BENJAMIN AND Sara Netanyahu celebrate in Tel Aviv on election night.
(photo credit: REUTERS)
The fact that two parties captured more than 50% of the vote in this week’s election is an important win for “centrism” in Israeli life; and over the long term, this portends political stability.
Perhaps Israel would be better served by a two-party system. In any case, the “centrist” result had both Netanyahu and Gantz claiming victory, and in some ways, they are each correct to do so, as explained below.
• Prime Minister Netanyahu: Despite missiles on Gush Dan, tons of delegitimizing rhetoric and an all-star team of generals launched against him – as well as impending criminal indictments – Netanyahu led Likud to bold parliamentary gains. He whacked the parties of Naftali Bennett, Moshe Kahlon and Avigdor Liberman; thwarted Moshe Feiglin; and co-opted Itamar Ben-Gvir to secure votes while finagling URP’s election without Ben-Gvir.
Netanyahu successfully made the campaign about his challenger’s unsuitability for office rather than his own. He then smartly arranged right-on-cue interventions from the presidents of Russia, Brazil and the US. Is there another Israeli (or global) leader who could do that?
And thus, Netanyahu’s claim that he is the best man to lead Israel in dealing with the superpowers and in confronting hegemonic Iran while keeping Israel safe clearly resonates with many Israelis. It is insulting when some people say that this man, who has been prime minister for the past decade, “doesn’t represent the true will of the Israeli people.”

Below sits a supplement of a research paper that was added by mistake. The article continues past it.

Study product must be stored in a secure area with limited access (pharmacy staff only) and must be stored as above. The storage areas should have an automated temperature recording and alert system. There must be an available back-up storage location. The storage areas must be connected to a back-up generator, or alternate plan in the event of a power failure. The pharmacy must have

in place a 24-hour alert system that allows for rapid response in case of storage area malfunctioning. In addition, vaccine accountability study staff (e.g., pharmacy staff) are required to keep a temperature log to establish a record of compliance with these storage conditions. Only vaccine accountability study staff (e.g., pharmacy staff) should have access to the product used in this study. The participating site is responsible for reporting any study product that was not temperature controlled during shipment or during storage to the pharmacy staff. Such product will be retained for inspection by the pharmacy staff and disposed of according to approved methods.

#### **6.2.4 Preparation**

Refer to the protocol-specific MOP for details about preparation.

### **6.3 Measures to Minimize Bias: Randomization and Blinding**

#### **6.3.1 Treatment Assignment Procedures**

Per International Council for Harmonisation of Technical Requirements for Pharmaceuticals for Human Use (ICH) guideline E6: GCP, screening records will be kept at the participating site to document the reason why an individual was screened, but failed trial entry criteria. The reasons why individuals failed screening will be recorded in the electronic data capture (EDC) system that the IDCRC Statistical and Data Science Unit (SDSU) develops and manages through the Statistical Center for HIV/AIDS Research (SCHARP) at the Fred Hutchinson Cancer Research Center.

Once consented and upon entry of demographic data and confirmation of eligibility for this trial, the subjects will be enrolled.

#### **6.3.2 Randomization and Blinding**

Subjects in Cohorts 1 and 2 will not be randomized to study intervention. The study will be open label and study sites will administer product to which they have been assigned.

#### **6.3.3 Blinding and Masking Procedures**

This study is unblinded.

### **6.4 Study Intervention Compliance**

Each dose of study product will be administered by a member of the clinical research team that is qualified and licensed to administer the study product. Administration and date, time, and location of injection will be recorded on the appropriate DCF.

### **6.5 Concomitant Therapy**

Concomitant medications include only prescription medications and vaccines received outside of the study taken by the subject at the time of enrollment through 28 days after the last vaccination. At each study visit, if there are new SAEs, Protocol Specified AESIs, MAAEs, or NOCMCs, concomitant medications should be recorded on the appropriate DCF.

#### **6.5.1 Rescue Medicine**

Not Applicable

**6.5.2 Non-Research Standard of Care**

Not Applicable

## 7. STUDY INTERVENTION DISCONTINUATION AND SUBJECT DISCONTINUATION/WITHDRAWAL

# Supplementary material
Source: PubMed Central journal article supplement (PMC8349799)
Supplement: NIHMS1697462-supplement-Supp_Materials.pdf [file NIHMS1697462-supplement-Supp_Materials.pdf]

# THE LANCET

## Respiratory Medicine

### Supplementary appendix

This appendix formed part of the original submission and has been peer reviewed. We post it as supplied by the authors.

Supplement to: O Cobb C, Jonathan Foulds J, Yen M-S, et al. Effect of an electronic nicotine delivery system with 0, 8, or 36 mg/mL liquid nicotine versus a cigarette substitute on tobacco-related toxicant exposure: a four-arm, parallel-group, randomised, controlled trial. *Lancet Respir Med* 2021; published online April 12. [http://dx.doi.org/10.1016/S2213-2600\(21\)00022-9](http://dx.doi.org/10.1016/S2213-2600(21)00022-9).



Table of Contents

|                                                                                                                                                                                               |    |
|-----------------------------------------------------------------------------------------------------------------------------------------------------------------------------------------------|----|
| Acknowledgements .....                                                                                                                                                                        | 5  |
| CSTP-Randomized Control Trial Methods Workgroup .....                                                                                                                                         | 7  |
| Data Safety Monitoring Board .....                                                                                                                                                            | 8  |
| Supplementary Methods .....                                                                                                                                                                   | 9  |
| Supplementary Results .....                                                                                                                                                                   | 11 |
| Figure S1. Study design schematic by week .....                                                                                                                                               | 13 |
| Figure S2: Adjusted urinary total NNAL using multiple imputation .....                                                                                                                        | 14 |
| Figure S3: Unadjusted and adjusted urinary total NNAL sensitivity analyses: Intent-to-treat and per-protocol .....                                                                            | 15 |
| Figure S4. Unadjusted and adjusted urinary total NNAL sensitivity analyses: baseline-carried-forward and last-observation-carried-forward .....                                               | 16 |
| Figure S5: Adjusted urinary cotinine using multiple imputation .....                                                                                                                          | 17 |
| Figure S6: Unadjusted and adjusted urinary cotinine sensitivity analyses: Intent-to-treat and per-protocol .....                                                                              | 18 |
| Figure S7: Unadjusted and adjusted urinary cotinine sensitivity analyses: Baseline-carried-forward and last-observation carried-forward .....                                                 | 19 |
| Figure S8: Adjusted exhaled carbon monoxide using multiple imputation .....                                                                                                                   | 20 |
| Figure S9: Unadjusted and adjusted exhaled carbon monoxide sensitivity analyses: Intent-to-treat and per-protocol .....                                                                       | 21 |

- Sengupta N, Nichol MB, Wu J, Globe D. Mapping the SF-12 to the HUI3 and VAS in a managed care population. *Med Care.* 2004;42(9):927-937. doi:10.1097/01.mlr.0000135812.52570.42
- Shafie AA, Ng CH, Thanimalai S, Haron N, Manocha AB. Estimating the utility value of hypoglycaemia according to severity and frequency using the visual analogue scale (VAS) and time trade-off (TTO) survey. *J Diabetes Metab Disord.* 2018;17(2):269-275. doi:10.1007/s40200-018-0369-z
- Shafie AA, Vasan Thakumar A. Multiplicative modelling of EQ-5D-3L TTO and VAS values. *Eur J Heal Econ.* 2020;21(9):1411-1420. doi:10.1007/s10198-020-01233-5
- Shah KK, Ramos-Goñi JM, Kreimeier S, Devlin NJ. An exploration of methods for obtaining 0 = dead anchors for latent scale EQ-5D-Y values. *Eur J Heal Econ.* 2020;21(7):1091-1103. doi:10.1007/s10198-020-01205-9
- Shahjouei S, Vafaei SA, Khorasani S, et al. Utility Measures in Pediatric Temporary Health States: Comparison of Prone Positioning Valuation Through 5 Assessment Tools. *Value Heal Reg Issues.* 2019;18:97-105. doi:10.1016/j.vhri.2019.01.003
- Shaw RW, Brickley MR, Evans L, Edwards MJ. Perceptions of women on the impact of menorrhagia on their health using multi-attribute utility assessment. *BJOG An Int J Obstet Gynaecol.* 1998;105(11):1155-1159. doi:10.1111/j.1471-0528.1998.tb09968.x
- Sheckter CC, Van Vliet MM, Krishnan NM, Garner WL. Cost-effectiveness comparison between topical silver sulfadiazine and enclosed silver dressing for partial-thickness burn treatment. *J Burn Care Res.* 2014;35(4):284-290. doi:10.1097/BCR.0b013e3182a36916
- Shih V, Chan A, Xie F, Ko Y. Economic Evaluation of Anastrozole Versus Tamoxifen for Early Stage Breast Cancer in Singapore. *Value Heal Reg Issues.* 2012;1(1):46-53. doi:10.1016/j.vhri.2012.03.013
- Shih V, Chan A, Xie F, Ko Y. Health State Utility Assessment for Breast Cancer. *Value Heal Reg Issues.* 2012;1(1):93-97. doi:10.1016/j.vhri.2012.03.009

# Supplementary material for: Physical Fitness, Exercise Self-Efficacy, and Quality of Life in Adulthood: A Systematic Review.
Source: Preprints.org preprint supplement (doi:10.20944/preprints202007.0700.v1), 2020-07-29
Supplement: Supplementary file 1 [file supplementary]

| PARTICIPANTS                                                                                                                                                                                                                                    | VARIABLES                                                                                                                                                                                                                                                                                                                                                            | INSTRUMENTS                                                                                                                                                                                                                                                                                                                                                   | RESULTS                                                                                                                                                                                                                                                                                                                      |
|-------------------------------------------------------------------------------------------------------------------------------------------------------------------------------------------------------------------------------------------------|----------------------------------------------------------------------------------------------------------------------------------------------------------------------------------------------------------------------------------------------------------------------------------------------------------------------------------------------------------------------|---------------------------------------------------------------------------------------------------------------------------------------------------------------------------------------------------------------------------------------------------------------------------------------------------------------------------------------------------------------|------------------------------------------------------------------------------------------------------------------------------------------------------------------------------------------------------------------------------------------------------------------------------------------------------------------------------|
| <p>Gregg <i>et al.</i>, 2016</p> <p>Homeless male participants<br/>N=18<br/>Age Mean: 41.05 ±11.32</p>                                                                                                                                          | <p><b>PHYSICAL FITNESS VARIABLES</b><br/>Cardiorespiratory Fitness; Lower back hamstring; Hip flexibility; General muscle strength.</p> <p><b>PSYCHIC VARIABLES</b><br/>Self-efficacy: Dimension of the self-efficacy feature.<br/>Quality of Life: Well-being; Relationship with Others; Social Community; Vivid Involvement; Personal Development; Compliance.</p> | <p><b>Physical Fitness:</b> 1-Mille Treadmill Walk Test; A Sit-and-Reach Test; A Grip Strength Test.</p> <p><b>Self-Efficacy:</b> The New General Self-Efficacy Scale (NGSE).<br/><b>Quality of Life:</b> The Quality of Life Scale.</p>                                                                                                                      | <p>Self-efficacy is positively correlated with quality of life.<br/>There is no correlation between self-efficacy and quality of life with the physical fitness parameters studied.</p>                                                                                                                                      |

It is also outrageous to assert that Netanyahu is “a grave danger to Israeli democracy.” When left-wing figures make this spurious argument, what they really mean is they are frustrated that the refusal of the Palestinians to make peace has shifted Israeli politics to the nationalist Right and repeatedly led to the reelection of a leader they scorn.
It should be said plainly: The core cause behind Netanyahu’s fifth electoral win is contempt for the failed Oslo Accords and the disastrous Gaza disengagement. What truly scares Israelis into Netanyahu’s arms are the hints dropped occasionally by center-left politicians (including Benny Gantz and his gang) that they would contemplate further withdrawals. This is the gut reality that underpins Israeli politics for the past 25 years.
One illustrative example: 45% of voters in Sderot voted Likud, even though Netanyahu has allowed the city to be pummeled by rockets while seeking accommodation with Hamas. This makes no sense, unless you consider the previous paragraph.
• Lt. Gen. (res.) Benny Gantz: Despite internal party contradictions and a campaign marked by many neophyte mistakes, Gantz led Blue-White to electoral parity with Likud, something that previous opposition leaders (Yair Lapid, Yitzhak Herzog and Tzipi Livni) failed to do. But he did so by cannibalizing Labor and Meretz, and even so, the opposition bloc grew by only one seat and failed to knock-out Netanyahu. This is not a “great achievement.”